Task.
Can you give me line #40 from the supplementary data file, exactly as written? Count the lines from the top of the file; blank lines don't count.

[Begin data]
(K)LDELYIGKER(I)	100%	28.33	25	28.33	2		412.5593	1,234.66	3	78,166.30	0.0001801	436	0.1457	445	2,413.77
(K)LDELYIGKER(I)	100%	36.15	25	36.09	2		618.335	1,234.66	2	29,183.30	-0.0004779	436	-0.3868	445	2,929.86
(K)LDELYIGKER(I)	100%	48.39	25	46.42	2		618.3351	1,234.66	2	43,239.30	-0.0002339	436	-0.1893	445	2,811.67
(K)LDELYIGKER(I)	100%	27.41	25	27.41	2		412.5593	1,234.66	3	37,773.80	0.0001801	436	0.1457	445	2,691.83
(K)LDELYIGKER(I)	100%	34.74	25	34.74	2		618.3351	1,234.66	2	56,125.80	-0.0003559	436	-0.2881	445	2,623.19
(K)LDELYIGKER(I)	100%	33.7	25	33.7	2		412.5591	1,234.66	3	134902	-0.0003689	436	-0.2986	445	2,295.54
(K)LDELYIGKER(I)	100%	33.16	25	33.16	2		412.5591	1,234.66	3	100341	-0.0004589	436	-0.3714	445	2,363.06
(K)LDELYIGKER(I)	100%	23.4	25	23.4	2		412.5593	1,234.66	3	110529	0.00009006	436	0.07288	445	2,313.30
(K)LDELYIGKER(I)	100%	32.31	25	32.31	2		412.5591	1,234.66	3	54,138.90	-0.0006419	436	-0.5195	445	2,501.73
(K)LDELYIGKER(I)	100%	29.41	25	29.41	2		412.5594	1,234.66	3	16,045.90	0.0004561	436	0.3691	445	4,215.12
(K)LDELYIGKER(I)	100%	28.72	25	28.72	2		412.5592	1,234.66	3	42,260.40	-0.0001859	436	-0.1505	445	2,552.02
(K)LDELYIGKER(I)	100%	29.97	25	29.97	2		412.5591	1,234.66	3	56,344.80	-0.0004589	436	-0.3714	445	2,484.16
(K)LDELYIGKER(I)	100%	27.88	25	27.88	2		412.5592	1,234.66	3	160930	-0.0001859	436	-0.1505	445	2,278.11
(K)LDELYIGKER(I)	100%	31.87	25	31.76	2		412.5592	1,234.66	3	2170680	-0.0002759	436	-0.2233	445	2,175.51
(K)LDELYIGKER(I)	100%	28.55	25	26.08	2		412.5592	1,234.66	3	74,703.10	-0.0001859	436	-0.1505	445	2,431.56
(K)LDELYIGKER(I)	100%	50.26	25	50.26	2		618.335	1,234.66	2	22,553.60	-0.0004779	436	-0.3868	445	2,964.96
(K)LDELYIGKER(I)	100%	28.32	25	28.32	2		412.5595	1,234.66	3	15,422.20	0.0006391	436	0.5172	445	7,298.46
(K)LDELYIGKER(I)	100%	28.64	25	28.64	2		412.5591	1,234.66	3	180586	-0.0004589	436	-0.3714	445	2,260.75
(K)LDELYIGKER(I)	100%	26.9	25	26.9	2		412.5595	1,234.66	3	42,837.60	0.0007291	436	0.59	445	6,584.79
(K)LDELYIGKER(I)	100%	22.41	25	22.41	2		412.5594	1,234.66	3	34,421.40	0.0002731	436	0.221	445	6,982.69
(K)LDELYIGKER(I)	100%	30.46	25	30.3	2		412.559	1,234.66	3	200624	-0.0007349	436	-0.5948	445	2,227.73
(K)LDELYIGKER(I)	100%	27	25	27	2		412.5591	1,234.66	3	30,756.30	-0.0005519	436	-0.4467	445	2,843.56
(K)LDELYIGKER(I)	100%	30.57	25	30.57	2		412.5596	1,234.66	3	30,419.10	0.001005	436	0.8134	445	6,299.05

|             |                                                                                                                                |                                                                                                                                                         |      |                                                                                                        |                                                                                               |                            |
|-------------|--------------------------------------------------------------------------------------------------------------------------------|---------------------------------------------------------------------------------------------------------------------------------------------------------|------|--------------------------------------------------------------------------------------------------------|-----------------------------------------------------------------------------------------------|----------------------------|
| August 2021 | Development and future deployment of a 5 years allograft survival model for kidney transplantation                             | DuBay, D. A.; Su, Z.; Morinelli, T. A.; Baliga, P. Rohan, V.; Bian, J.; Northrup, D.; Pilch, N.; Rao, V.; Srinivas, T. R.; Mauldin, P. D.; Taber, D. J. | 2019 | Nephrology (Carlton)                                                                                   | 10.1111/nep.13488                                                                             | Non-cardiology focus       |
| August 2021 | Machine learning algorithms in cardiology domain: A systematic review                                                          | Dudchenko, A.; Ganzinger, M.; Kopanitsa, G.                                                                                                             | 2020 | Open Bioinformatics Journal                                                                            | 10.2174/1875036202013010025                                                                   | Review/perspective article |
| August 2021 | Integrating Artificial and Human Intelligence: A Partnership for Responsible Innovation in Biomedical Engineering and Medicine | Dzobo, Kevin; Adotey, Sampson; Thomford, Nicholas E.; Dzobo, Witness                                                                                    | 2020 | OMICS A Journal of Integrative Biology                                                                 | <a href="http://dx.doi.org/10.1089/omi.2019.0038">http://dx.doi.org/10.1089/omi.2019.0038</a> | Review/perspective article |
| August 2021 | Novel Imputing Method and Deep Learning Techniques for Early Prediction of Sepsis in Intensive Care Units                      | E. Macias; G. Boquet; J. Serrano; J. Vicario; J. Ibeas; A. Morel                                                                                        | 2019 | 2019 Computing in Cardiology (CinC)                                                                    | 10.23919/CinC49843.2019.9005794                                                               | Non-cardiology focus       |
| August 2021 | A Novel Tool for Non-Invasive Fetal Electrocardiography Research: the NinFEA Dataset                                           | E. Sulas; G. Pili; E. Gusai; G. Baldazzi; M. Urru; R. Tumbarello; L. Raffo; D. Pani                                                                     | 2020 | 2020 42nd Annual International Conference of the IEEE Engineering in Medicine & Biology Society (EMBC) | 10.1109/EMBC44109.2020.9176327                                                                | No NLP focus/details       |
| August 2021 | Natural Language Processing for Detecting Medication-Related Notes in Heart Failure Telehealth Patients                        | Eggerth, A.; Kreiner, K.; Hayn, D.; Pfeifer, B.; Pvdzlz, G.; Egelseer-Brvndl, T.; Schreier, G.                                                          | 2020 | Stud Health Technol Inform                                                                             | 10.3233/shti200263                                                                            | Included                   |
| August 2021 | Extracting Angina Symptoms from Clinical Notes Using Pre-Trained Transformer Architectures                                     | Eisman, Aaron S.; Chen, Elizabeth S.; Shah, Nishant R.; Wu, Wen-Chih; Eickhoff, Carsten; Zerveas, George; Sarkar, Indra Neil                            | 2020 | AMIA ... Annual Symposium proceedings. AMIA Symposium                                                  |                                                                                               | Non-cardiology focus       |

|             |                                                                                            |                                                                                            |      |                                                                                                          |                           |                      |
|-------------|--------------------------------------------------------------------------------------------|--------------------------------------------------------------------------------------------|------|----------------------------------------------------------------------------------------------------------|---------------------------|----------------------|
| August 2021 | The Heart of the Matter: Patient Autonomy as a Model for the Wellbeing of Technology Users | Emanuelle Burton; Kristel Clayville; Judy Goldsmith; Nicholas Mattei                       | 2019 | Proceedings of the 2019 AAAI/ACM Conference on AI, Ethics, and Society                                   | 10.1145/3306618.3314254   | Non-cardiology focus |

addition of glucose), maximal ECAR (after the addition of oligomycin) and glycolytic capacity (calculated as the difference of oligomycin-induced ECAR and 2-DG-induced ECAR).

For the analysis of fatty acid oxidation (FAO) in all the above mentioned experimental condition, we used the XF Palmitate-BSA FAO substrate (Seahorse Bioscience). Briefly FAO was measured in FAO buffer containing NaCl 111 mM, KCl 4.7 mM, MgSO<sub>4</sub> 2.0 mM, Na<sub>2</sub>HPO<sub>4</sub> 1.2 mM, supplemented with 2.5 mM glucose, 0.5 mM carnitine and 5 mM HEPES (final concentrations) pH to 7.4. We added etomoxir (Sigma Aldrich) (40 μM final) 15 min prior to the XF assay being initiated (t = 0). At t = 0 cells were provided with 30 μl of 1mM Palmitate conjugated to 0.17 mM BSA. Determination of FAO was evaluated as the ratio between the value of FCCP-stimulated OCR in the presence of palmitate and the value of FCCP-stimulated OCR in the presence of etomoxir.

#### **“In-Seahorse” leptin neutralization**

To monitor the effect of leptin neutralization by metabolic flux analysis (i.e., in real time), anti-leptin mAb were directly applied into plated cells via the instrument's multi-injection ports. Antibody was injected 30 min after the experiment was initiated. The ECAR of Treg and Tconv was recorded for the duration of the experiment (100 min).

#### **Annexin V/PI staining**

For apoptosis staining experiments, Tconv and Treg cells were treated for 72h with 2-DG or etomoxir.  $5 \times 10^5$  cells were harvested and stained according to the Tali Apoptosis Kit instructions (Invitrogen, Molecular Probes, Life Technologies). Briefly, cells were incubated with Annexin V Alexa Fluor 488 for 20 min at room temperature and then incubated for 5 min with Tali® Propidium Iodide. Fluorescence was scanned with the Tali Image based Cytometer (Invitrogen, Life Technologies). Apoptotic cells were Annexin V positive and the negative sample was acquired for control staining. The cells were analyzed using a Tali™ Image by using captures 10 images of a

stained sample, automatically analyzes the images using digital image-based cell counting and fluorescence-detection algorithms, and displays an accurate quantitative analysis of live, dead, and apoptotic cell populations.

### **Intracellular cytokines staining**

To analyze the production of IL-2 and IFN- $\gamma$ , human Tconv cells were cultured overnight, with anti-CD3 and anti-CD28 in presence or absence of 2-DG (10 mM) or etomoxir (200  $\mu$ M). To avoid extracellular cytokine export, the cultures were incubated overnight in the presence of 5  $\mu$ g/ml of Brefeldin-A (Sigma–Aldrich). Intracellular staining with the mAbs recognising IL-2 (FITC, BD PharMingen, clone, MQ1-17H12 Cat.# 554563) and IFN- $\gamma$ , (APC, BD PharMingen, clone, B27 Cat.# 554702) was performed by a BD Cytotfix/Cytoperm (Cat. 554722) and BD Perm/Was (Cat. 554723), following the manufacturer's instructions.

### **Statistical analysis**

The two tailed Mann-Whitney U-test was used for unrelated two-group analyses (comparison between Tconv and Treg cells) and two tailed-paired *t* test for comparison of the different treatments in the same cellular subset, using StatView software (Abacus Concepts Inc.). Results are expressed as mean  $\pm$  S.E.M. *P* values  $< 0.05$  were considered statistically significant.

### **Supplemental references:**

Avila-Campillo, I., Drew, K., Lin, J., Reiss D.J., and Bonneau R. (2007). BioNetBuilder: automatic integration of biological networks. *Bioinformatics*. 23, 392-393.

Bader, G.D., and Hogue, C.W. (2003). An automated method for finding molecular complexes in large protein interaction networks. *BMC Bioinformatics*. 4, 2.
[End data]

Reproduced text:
#### **Annexin V/PI staining**